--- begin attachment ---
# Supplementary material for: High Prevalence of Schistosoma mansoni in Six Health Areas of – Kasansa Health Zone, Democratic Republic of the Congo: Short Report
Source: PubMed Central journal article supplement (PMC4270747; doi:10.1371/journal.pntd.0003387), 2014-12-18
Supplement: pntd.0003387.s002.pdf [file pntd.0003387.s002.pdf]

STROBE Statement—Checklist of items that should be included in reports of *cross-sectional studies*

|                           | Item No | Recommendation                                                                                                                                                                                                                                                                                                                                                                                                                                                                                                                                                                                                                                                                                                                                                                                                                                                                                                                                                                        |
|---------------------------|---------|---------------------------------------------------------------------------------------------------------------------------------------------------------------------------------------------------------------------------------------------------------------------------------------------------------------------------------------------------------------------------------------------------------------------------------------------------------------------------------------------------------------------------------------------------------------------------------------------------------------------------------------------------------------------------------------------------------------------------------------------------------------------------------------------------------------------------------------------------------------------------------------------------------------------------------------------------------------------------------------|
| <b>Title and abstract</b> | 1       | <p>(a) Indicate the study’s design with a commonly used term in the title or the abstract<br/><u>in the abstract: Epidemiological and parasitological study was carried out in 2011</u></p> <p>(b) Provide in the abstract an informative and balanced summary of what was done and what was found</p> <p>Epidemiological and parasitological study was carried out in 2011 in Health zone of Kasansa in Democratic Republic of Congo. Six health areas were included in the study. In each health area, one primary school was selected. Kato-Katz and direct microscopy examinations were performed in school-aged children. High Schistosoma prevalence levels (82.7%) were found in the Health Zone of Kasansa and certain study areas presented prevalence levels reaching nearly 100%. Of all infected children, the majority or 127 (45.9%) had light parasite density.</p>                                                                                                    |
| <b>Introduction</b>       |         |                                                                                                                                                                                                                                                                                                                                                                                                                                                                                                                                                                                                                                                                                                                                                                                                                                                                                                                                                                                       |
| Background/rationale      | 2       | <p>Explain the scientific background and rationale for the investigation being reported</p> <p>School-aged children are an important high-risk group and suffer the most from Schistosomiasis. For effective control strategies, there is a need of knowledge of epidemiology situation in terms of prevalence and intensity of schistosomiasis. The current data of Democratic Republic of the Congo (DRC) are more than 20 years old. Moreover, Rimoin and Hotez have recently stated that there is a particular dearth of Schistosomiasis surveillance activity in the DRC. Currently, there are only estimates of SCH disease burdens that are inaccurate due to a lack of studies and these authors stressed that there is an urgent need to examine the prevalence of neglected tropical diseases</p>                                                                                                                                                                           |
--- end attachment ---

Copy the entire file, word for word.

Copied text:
# Supplementary material for: High Prevalence of Schistosoma mansoni in Six Health Areas of – Kasansa Health Zone, Democratic Republic of the Congo: Short Report
Source: PubMed Central journal article supplement (PMC4270747; doi:10.1371/journal.pntd.0003387), 2014-12-18
Supplement: pntd.0003387.s002.pdf [file pntd.0003387.s002.pdf]

STROBE Statement—Checklist of items that should be included in reports of *cross-sectional studies*

|                           | Item No | Recommendation                                                                                                                                                                                                                                                                                                                                                                                                                                                                                                                                                                                                                                                                                                                                                                                                                                                                                                                                                                        |
|---------------------------|---------|---------------------------------------------------------------------------------------------------------------------------------------------------------------------------------------------------------------------------------------------------------------------------------------------------------------------------------------------------------------------------------------------------------------------------------------------------------------------------------------------------------------------------------------------------------------------------------------------------------------------------------------------------------------------------------------------------------------------------------------------------------------------------------------------------------------------------------------------------------------------------------------------------------------------------------------------------------------------------------------|
| <b>Title and abstract</b> | 1       | <p>(a) Indicate the study’s design with a commonly used term in the title or the abstract<br/><u>in the abstract: Epidemiological and parasitological study was carried out in 2011</u></p> <p>(b) Provide in the abstract an informative and balanced summary of what was done and what was found</p> <p>Epidemiological and parasitological study was carried out in 2011 in Health zone of Kasansa in Democratic Republic of Congo. Six health areas were included in the study. In each health area, one primary school was selected. Kato-Katz and direct microscopy examinations were performed in school-aged children. High Schistosoma prevalence levels (82.7%) were found in the Health Zone of Kasansa and certain study areas presented prevalence levels reaching nearly 100%. Of all infected children, the majority or 127 (45.9%) had light parasite density.</p>                                                                                                    |
| <b>Introduction</b>       |         |                                                                                                                                                                                                                                                                                                                                                                                                                                                                                                                                                                                                                                                                                                                                                                                                                                                                                                                                                                                       |
| Background/rationale      | 2       | <p>Explain the scientific background and rationale for the investigation being reported</p> <p>School-aged children are an important high-risk group and suffer the most from Schistosomiasis. For effective control strategies, there is a need of knowledge of epidemiology situation in terms of prevalence and intensity of schistosomiasis. The current data of Democratic Republic of the Congo (DRC) are more than 20 years old. Moreover, Rimoin and Hotez have recently stated that there is a particular dearth of Schistosomiasis surveillance activity in the DRC. Currently, there are only estimates of SCH disease burdens that are inaccurate due to a lack of studies and these authors stressed that there is an urgent need to examine the prevalence of neglected tropical diseases</p>                                                                                                                                                                           |